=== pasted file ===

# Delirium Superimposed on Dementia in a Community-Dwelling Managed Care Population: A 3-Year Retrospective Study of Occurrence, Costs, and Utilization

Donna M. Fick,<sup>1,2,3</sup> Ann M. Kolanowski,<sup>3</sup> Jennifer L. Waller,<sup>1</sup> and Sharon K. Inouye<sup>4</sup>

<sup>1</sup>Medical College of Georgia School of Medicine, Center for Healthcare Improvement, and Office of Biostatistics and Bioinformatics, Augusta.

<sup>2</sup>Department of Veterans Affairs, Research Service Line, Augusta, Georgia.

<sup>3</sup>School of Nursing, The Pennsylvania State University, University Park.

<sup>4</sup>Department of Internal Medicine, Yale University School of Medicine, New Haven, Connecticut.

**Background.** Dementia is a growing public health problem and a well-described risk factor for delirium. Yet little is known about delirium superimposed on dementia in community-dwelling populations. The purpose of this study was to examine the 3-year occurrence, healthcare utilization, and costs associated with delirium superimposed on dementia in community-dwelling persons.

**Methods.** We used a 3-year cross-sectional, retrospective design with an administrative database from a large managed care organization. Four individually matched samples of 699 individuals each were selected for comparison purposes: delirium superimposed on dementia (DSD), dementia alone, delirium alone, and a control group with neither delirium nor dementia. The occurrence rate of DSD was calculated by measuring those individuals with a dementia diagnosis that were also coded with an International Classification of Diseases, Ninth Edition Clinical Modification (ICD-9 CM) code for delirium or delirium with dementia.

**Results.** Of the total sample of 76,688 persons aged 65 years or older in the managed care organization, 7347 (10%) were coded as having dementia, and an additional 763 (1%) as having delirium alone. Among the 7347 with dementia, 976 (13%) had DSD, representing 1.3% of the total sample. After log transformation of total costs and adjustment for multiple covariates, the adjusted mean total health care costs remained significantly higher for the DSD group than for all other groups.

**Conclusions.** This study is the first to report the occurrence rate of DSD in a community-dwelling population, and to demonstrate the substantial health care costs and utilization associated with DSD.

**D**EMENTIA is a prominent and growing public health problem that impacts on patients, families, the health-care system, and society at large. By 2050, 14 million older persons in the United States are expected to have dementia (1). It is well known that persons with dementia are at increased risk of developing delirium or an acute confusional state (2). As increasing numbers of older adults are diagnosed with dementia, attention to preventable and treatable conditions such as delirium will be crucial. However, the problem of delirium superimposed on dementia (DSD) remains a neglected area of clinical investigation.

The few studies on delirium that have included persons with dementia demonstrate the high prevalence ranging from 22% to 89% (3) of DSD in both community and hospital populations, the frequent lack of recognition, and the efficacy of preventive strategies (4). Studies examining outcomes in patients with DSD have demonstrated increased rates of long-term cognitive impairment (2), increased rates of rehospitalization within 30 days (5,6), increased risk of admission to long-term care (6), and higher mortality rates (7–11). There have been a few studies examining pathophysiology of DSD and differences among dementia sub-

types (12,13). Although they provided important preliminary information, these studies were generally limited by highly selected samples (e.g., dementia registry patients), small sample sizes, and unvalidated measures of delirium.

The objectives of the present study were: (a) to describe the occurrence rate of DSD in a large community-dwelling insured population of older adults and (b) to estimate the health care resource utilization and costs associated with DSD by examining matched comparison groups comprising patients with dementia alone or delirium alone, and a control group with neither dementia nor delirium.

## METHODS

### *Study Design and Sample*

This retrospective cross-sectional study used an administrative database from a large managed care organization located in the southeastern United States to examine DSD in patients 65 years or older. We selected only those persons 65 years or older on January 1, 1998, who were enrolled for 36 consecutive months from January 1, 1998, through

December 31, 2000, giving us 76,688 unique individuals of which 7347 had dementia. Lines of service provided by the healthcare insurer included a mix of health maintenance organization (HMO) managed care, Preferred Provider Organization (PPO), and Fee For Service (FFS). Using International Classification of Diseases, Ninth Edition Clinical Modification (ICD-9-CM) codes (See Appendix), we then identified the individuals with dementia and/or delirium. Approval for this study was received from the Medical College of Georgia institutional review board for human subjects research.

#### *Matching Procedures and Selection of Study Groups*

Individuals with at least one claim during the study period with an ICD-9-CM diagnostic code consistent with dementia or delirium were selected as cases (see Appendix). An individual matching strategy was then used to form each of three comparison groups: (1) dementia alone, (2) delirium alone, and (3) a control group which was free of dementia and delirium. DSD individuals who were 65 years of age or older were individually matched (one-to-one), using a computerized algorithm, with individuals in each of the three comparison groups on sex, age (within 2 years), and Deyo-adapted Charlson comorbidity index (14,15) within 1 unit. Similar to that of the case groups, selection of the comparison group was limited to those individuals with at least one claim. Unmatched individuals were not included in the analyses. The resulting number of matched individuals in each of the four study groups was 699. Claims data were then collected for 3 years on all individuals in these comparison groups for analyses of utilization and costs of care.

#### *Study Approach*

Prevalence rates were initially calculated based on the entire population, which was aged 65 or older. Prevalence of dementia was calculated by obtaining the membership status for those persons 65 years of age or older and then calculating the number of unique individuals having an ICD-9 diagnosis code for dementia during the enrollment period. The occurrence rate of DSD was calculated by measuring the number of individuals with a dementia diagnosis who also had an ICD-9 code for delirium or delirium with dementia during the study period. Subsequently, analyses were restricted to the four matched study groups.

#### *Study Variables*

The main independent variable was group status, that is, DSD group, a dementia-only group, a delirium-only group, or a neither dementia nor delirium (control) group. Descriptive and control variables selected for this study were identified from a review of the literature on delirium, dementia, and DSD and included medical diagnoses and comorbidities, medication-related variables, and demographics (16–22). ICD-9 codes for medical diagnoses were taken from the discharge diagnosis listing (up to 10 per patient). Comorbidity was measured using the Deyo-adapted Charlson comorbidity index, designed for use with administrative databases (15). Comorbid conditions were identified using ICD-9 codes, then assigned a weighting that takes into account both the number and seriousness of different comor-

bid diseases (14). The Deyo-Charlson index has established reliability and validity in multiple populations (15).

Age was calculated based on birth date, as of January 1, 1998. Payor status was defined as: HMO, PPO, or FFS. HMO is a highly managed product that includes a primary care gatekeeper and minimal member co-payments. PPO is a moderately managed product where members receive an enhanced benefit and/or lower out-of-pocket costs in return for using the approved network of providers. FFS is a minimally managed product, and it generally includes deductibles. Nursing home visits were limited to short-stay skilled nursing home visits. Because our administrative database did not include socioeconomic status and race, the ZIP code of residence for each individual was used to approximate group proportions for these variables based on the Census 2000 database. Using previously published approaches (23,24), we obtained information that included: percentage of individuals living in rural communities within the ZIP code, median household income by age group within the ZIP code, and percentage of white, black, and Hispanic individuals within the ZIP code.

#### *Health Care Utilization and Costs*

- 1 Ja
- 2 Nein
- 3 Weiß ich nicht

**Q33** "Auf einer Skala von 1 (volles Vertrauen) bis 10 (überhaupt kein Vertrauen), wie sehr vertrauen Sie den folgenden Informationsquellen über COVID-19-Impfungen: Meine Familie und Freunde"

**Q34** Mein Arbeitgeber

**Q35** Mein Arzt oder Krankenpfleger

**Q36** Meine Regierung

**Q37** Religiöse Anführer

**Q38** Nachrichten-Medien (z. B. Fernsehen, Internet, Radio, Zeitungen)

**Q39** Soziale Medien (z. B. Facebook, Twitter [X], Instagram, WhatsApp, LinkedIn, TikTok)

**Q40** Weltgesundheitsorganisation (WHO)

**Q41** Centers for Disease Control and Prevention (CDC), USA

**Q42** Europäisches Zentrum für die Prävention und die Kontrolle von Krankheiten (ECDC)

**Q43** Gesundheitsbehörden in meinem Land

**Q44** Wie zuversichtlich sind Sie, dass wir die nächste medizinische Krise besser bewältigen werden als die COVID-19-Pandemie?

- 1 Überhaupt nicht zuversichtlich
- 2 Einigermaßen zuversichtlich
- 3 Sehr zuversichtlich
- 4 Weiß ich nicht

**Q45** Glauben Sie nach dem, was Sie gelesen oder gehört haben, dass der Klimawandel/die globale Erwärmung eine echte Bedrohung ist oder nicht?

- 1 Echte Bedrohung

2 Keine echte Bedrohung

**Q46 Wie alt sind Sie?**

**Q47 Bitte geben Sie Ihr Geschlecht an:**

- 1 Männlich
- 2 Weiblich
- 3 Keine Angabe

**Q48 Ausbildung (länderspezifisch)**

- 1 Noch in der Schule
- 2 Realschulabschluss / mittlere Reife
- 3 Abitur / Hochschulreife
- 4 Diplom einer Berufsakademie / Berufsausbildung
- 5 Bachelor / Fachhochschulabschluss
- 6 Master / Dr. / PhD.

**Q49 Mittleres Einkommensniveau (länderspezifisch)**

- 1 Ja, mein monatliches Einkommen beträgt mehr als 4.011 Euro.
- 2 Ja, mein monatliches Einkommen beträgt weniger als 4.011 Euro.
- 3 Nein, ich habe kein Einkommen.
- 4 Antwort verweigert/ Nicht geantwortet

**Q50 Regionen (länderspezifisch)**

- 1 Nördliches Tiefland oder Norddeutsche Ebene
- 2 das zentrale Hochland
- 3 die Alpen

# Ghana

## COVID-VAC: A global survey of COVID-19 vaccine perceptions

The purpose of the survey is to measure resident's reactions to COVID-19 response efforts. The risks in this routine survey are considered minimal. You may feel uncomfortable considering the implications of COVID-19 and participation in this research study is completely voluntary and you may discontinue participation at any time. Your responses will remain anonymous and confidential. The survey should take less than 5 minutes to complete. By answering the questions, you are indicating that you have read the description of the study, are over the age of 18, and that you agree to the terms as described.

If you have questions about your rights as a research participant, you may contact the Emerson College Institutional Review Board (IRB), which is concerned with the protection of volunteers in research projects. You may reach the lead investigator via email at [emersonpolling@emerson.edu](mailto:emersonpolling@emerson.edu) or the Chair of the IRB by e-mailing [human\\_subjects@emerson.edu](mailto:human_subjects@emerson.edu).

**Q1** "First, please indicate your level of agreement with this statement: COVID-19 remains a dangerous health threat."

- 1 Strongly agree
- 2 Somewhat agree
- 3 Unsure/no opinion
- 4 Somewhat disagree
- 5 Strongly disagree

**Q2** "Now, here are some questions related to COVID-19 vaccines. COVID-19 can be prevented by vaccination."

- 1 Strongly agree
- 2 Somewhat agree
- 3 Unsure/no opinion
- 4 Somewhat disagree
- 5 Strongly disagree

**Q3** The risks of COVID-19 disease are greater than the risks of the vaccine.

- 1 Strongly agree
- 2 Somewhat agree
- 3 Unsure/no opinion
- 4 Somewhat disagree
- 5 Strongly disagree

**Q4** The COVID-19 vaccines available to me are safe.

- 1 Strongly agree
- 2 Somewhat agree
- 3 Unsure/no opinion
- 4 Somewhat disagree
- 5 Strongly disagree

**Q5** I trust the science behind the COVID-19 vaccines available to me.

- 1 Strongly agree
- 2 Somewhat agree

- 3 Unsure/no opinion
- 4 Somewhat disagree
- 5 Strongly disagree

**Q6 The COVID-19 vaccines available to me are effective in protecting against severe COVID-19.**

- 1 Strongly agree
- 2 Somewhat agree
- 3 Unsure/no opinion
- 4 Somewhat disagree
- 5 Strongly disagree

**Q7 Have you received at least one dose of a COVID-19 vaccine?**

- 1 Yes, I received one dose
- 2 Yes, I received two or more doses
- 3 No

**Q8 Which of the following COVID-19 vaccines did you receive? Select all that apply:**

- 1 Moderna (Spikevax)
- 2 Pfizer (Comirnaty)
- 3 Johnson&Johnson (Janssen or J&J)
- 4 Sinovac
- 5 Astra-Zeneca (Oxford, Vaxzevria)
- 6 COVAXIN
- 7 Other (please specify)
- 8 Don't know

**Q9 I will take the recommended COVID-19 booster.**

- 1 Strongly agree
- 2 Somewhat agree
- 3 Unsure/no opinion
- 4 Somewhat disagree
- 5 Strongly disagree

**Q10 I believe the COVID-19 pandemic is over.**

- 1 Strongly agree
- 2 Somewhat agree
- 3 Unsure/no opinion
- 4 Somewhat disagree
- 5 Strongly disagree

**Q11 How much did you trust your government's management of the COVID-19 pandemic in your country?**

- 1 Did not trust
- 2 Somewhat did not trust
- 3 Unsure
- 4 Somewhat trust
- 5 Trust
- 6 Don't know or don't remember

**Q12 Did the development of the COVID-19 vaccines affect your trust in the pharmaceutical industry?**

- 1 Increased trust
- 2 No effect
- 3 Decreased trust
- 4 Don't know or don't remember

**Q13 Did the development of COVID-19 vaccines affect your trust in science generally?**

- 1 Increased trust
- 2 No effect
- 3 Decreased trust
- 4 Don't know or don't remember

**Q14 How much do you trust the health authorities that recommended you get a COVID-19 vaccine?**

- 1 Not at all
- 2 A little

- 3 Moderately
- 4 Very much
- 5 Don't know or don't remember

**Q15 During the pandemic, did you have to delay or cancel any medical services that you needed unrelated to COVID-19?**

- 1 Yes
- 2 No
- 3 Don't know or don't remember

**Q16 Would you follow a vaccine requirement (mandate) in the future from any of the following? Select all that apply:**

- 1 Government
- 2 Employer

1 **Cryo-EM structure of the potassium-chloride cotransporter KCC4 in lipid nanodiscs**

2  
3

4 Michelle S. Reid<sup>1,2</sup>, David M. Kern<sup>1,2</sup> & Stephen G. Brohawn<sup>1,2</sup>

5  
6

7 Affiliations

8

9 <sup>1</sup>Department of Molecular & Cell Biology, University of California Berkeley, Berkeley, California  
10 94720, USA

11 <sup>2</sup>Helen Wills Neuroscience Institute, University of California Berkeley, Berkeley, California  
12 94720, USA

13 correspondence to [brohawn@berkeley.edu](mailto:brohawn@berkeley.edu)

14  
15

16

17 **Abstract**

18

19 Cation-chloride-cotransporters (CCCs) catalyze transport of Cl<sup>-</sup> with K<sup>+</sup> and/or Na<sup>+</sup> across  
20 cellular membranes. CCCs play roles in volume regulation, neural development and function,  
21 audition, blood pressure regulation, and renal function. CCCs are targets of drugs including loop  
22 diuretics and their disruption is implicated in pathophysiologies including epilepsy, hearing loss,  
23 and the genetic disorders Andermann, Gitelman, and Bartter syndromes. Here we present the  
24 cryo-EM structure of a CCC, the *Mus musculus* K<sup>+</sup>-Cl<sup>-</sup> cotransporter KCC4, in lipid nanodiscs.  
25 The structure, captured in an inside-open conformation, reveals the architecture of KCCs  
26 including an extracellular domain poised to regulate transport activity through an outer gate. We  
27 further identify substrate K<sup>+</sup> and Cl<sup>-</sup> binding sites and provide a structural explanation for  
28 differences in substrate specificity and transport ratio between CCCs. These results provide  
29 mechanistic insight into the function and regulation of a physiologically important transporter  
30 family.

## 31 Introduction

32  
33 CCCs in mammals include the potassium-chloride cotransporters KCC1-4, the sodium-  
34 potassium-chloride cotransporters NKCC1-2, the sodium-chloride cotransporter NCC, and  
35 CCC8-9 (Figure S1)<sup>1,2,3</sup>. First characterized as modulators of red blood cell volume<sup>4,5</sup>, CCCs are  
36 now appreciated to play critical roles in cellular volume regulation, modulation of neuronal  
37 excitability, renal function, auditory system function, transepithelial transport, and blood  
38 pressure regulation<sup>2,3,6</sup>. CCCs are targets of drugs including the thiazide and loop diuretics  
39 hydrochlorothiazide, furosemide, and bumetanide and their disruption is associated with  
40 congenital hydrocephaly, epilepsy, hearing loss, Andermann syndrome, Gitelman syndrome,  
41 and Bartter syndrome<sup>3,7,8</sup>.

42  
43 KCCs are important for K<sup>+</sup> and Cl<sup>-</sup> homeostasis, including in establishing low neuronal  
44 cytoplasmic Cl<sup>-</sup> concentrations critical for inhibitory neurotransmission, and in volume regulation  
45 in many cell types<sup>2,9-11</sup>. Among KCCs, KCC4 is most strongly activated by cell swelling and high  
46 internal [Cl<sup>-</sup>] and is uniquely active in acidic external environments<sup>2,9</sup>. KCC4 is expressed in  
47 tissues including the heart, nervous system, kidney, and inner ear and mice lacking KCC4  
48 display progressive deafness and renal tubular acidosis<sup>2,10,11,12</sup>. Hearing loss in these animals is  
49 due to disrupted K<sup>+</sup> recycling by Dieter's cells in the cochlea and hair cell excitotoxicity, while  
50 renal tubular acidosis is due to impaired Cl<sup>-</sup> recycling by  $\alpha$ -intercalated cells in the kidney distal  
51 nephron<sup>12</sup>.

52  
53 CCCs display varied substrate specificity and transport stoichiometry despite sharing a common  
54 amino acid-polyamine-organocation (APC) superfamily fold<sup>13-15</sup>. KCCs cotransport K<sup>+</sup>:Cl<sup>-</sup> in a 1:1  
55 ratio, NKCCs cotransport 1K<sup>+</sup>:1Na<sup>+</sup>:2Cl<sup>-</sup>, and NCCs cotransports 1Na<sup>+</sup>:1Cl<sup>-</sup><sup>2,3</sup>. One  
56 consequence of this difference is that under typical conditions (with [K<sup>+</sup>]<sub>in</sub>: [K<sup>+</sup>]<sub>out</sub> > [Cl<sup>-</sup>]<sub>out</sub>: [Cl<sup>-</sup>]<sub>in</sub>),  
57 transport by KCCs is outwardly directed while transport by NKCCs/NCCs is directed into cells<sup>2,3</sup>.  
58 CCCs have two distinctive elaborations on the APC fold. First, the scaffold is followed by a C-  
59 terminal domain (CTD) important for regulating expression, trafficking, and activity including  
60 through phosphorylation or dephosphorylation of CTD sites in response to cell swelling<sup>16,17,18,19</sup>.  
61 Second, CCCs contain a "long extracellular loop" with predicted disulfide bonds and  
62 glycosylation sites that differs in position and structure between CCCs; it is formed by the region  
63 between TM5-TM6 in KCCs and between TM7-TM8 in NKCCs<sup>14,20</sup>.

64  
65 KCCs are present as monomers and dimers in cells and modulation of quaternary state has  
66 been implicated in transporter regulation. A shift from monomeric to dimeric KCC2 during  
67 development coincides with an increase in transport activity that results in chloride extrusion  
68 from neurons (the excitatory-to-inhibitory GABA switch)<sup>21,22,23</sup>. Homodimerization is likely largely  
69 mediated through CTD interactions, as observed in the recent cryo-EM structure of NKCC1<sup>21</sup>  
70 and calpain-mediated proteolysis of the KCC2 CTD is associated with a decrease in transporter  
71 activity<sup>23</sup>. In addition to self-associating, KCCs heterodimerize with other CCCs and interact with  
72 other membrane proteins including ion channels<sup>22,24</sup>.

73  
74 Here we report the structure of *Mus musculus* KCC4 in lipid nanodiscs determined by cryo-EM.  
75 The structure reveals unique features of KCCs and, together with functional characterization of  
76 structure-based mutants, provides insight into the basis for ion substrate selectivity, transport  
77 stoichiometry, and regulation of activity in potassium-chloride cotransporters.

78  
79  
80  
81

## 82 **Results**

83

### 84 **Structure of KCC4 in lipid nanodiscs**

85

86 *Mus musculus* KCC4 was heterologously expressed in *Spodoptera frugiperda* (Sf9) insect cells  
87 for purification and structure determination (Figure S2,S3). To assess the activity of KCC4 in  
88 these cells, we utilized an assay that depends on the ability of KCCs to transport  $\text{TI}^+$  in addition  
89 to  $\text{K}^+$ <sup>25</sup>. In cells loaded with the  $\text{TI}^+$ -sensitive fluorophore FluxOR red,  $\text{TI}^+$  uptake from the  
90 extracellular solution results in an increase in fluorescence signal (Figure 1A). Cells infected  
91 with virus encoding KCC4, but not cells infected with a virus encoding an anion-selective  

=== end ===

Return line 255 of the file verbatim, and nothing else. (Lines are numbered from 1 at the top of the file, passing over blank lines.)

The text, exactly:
90 extracellular solution results in an increase in fluorescence signal (Figure 1A). Cells infected  